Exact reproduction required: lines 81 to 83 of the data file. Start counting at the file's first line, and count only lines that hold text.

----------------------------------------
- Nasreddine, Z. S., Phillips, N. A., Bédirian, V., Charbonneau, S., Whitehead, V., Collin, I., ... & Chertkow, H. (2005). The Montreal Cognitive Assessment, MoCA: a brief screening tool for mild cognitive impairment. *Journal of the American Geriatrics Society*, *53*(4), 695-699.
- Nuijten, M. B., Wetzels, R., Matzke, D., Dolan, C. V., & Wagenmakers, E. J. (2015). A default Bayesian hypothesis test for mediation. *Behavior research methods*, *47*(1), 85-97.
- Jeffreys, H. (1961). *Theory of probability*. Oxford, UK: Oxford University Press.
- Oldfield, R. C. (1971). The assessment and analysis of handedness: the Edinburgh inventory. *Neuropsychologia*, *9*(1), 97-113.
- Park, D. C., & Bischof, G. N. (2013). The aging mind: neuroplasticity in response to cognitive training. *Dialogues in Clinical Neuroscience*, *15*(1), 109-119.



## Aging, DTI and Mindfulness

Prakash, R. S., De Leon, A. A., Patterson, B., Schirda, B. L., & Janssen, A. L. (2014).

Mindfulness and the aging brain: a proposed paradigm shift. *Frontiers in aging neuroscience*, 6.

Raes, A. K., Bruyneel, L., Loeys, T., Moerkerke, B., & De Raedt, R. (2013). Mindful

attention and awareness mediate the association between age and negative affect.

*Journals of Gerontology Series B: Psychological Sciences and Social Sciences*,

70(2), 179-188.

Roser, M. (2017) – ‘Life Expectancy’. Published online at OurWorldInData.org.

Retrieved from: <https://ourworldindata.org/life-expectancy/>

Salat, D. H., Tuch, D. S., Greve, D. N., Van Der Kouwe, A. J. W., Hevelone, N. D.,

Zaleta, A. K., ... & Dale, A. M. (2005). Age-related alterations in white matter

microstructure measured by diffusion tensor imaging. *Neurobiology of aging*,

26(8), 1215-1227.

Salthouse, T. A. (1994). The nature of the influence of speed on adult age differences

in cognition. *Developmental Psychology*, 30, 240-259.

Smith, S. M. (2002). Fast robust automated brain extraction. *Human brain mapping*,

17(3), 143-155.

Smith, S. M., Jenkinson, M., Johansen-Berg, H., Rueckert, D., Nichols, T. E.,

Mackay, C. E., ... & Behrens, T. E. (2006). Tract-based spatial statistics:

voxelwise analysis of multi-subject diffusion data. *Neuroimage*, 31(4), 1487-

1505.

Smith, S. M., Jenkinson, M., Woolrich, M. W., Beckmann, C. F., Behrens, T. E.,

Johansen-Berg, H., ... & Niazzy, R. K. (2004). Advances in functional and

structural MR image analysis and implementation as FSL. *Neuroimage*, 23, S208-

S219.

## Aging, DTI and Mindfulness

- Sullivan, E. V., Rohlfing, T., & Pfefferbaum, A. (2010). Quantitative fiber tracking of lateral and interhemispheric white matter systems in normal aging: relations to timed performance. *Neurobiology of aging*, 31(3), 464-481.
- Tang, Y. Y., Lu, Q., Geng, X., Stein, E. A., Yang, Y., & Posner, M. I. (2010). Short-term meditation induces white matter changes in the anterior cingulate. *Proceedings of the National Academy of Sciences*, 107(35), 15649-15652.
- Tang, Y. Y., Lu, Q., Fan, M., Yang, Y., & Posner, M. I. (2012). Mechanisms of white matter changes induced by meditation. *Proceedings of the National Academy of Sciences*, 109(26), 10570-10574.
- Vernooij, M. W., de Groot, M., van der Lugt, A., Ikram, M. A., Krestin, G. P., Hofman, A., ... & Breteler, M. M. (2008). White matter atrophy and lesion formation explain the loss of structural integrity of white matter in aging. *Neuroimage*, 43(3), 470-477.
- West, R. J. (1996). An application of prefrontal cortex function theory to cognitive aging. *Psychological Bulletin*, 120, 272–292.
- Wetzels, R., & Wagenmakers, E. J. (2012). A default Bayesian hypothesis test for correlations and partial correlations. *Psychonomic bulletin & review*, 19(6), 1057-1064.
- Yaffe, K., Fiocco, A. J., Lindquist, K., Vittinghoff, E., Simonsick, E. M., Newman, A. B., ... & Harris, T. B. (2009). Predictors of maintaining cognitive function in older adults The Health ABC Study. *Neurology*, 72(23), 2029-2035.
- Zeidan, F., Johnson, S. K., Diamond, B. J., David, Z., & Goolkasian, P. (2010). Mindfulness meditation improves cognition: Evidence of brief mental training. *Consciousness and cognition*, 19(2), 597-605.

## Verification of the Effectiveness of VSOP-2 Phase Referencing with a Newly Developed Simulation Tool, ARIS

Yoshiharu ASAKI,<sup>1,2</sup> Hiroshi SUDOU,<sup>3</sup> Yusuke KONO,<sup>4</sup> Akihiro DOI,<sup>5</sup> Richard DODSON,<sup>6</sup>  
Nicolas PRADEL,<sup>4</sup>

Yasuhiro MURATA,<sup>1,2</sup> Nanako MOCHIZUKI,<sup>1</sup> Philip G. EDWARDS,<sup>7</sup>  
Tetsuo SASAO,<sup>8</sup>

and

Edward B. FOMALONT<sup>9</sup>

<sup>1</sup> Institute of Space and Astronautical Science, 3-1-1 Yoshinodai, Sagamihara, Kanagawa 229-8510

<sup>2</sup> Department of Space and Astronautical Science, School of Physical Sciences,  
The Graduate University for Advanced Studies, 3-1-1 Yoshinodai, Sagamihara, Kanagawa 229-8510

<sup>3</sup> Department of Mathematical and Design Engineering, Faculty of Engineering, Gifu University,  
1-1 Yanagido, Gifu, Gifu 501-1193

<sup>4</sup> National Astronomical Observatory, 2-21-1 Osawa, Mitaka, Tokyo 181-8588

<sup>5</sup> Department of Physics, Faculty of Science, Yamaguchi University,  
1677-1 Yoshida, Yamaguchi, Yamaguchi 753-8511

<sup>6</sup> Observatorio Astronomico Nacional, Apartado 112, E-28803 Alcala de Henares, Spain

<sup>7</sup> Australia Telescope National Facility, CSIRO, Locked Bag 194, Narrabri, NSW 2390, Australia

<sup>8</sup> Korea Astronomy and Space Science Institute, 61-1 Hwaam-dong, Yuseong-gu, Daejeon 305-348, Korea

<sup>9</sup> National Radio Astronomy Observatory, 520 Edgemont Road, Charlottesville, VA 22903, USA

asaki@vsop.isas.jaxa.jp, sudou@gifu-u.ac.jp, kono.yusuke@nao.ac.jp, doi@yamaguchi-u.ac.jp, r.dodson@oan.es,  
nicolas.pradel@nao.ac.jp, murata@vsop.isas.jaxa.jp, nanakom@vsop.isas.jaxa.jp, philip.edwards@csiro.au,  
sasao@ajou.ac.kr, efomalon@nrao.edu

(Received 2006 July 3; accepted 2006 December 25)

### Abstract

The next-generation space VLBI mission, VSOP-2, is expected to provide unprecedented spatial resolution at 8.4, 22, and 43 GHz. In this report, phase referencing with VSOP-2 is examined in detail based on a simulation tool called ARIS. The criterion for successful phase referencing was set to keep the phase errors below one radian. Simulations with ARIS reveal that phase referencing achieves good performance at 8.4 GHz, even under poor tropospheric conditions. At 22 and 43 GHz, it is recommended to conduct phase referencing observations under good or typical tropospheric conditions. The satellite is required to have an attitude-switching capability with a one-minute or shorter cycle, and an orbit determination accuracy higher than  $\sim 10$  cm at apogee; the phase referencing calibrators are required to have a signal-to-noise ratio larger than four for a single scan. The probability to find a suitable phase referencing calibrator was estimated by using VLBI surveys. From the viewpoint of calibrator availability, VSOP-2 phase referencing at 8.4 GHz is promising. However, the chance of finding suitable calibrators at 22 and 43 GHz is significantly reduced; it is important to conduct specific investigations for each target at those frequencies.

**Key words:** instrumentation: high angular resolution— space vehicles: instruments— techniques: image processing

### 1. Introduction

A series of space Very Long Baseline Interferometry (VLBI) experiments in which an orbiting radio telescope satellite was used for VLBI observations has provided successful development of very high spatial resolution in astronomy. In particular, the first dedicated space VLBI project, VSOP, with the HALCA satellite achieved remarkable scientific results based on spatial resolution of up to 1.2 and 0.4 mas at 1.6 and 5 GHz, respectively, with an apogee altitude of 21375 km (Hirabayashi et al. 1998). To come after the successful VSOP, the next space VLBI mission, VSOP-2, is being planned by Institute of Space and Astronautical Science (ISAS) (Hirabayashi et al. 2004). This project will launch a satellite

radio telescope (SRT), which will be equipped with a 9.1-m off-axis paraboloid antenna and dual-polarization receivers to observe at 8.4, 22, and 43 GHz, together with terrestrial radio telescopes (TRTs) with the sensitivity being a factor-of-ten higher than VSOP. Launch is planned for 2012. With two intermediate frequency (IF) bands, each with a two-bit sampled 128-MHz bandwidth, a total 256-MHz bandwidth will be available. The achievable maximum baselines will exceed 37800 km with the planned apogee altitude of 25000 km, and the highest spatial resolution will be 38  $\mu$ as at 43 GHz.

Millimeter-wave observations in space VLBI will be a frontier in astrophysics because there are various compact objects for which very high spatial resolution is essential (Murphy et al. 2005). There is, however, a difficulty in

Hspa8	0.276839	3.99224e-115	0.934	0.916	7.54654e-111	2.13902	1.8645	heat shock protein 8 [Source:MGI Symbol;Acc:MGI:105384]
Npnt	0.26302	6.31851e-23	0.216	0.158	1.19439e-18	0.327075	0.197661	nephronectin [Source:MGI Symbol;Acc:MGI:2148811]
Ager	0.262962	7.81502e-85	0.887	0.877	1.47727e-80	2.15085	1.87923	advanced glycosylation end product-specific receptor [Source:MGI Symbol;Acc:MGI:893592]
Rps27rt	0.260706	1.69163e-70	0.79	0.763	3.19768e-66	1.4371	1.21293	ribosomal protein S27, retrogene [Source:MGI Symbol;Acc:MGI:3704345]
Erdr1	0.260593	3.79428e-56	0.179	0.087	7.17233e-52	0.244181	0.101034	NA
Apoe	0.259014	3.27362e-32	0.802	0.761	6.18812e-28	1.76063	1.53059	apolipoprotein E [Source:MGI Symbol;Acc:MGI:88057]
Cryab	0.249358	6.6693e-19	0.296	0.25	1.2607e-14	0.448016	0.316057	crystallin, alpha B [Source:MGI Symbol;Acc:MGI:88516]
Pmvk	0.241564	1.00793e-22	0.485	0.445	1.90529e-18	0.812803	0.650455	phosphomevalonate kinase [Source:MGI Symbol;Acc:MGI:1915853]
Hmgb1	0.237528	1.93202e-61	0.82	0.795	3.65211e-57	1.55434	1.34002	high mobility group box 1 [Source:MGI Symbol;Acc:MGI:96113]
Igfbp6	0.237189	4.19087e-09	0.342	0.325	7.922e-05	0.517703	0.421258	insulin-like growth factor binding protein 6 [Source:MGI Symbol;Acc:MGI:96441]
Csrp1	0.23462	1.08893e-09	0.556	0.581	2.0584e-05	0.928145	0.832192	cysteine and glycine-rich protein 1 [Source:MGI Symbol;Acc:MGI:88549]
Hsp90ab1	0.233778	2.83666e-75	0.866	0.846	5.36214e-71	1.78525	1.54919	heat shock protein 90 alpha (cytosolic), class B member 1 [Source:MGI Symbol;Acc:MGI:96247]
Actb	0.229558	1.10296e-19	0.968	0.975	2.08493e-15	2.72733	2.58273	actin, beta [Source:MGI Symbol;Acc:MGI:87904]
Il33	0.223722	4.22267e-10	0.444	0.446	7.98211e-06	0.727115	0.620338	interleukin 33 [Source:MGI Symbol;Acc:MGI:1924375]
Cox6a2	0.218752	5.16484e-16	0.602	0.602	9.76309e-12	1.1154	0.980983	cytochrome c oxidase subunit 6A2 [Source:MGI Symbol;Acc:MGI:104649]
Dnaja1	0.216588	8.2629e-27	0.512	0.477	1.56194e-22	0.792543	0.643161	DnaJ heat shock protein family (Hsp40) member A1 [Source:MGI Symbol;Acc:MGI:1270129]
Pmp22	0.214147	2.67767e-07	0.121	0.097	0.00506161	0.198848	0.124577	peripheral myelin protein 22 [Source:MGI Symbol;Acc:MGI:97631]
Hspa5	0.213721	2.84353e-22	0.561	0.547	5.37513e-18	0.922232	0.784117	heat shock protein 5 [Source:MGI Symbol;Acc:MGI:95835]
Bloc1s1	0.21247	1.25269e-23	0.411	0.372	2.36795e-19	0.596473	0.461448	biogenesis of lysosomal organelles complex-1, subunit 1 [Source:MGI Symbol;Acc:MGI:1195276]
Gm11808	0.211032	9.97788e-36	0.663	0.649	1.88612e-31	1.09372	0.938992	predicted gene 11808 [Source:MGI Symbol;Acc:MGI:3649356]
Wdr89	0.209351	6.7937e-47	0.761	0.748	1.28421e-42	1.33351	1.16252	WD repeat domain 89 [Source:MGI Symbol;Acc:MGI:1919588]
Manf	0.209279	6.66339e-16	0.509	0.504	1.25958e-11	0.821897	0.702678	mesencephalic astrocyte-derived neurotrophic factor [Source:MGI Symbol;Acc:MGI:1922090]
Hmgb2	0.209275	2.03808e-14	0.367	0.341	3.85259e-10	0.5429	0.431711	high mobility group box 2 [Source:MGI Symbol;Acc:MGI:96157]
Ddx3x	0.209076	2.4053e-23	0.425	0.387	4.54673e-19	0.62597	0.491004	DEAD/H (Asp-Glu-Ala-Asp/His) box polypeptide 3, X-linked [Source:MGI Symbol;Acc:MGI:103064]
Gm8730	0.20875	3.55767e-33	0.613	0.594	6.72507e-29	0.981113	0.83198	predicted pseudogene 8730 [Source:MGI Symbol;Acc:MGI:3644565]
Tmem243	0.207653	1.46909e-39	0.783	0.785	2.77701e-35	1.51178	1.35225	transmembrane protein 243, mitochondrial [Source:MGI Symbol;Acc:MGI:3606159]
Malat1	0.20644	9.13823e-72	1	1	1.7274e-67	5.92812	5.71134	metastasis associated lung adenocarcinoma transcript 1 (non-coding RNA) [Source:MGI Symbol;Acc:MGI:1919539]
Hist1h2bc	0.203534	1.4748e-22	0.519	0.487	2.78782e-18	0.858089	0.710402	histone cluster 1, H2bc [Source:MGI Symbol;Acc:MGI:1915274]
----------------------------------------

Hsp90ab1	0.233778	2.83666e-75	0.866	0.846	5.36214e-71	1.78525	1.54919	heat shock protein 90 alpha (cytosolic), class B member 1 [Source:MGI Symbol;Acc:MGI:96247]
Actb	0.229558	1.10296e-19	0.968	0.975	2.08493e-15	2.72733	2.58273	actin, beta [Source:MGI Symbol;Acc:MGI:87904]
Il33	0.223722	4.22267e-10	0.444	0.446	7.98211e-06	0.727115	0.620338	interleukin 33 [Source:MGI Symbol;Acc:MGI:1924375]